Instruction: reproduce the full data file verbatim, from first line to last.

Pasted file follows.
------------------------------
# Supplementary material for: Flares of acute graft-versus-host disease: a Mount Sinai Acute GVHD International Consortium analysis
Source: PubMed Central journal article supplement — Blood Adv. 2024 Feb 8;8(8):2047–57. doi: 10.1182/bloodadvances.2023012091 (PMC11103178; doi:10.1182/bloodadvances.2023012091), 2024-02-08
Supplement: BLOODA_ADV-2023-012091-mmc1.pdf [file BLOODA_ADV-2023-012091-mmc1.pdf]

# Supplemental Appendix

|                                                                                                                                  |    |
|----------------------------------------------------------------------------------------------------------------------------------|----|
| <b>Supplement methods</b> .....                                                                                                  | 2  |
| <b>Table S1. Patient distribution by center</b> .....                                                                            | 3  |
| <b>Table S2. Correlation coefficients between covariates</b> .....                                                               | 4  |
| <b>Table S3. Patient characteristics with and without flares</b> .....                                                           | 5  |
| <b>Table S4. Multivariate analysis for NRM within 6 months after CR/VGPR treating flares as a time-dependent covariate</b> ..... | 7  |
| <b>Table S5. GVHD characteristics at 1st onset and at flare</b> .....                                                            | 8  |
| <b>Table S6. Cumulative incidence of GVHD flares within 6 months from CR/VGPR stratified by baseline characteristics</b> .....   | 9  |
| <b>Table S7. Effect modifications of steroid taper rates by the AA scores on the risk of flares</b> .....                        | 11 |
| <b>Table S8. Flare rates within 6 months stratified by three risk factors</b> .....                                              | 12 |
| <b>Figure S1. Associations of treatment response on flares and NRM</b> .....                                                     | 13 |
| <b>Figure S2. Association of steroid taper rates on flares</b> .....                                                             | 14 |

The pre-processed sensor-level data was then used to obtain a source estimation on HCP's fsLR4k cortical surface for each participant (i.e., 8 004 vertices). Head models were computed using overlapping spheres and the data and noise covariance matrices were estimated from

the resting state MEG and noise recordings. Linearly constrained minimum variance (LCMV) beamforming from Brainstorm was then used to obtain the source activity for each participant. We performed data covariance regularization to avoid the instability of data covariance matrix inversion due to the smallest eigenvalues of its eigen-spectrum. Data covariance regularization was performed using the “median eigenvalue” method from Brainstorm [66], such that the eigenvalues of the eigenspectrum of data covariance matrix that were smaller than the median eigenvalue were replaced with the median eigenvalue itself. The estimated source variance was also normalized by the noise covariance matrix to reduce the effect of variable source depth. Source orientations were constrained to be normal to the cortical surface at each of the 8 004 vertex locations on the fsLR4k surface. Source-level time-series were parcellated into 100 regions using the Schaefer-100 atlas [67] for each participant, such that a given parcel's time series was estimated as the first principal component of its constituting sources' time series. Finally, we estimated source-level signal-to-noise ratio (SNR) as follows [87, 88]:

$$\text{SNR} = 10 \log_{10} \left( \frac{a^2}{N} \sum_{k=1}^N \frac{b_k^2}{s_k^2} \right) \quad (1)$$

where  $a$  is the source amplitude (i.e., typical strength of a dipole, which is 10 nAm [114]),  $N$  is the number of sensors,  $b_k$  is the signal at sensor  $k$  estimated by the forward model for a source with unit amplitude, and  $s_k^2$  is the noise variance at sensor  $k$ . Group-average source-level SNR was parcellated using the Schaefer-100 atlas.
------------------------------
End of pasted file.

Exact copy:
# Supplementary material for: Flares of acute graft-versus-host disease: a Mount Sinai Acute GVHD International Consortium analysis
Source: PubMed Central journal article supplement — Blood Adv. 2024 Feb 8;8(8):2047–57. doi: 10.1182/bloodadvances.2023012091 (PMC11103178; doi:10.1182/bloodadvances.2023012091), 2024-02-08
Supplement: BLOODA_ADV-2023-012091-mmc1.pdf [file BLOODA_ADV-2023-012091-mmc1.pdf]

# Supplemental Appendix

|                                                                                                                                  |    |
|----------------------------------------------------------------------------------------------------------------------------------|----|
| <b>Supplement methods</b> .....                                                                                                  | 2  |
| <b>Table S1. Patient distribution by center</b> .....                                                                            | 3  |
| <b>Table S2. Correlation coefficients between covariates</b> .....                                                               | 4  |
| <b>Table S3. Patient characteristics with and without flares</b> .....                                                           | 5  |
| <b>Table S4. Multivariate analysis for NRM within 6 months after CR/VGPR treating flares as a time-dependent covariate</b> ..... | 7  |
| <b>Table S5. GVHD characteristics at 1st onset and at flare</b> .....                                                            | 8  |
| <b>Table S6. Cumulative incidence of GVHD flares within 6 months from CR/VGPR stratified by baseline characteristics</b> .....   | 9  |
| <b>Table S7. Effect modifications of steroid taper rates by the AA scores on the risk of flares</b> .....                        | 11 |
| <b>Table S8. Flare rates within 6 months stratified by three risk factors</b> .....                                              | 12 |
| <b>Figure S1. Associations of treatment response on flares and NRM</b> .....                                                     | 13 |
| <b>Figure S2. Association of steroid taper rates on flares</b> .....                                                             | 14 |

The pre-processed sensor-level data was then used to obtain a source estimation on HCP's fsLR4k cortical surface for each participant (i.e., 8 004 vertices). Head models were computed using overlapping spheres and the data and noise covariance matrices were estimated from

the resting state MEG and noise recordings. Linearly constrained minimum variance (LCMV) beamforming from Brainstorm was then used to obtain the source activity for each participant. We performed data covariance regularization to avoid the instability of data covariance matrix inversion due to the smallest eigenvalues of its eigen-spectrum. Data covariance regularization was performed using the “median eigenvalue” method from Brainstorm [66], such that the eigenvalues of the eigenspectrum of data covariance matrix that were smaller than the median eigenvalue were replaced with the median eigenvalue itself. The estimated source variance was also normalized by the noise covariance matrix to reduce the effect of variable source depth. Source orientations were constrained to be normal to the cortical surface at each of the 8 004 vertex locations on the fsLR4k surface. Source-level time-series were parcellated into 100 regions using the Schaefer-100 atlas [67] for each participant, such that a given parcel's time series was estimated as the first principal component of its constituting sources' time series. Finally, we estimated source-level signal-to-noise ratio (SNR) as follows [87, 88]:

$$\text{SNR} = 10 \log_{10} \left( \frac{a^2}{N} \sum_{k=1}^N \frac{b_k^2}{s_k^2} \right) \quad (1)$$

where  $a$  is the source amplitude (i.e., typical strength of a dipole, which is 10 nAm [114]),  $N$  is the number of sensors,  $b_k$  is the signal at sensor  $k$  estimated by the forward model for a source with unit amplitude, and  $s_k^2$  is the noise variance at sensor  $k$ . Group-average source-level SNR was parcellated using the Schaefer-100 atlas.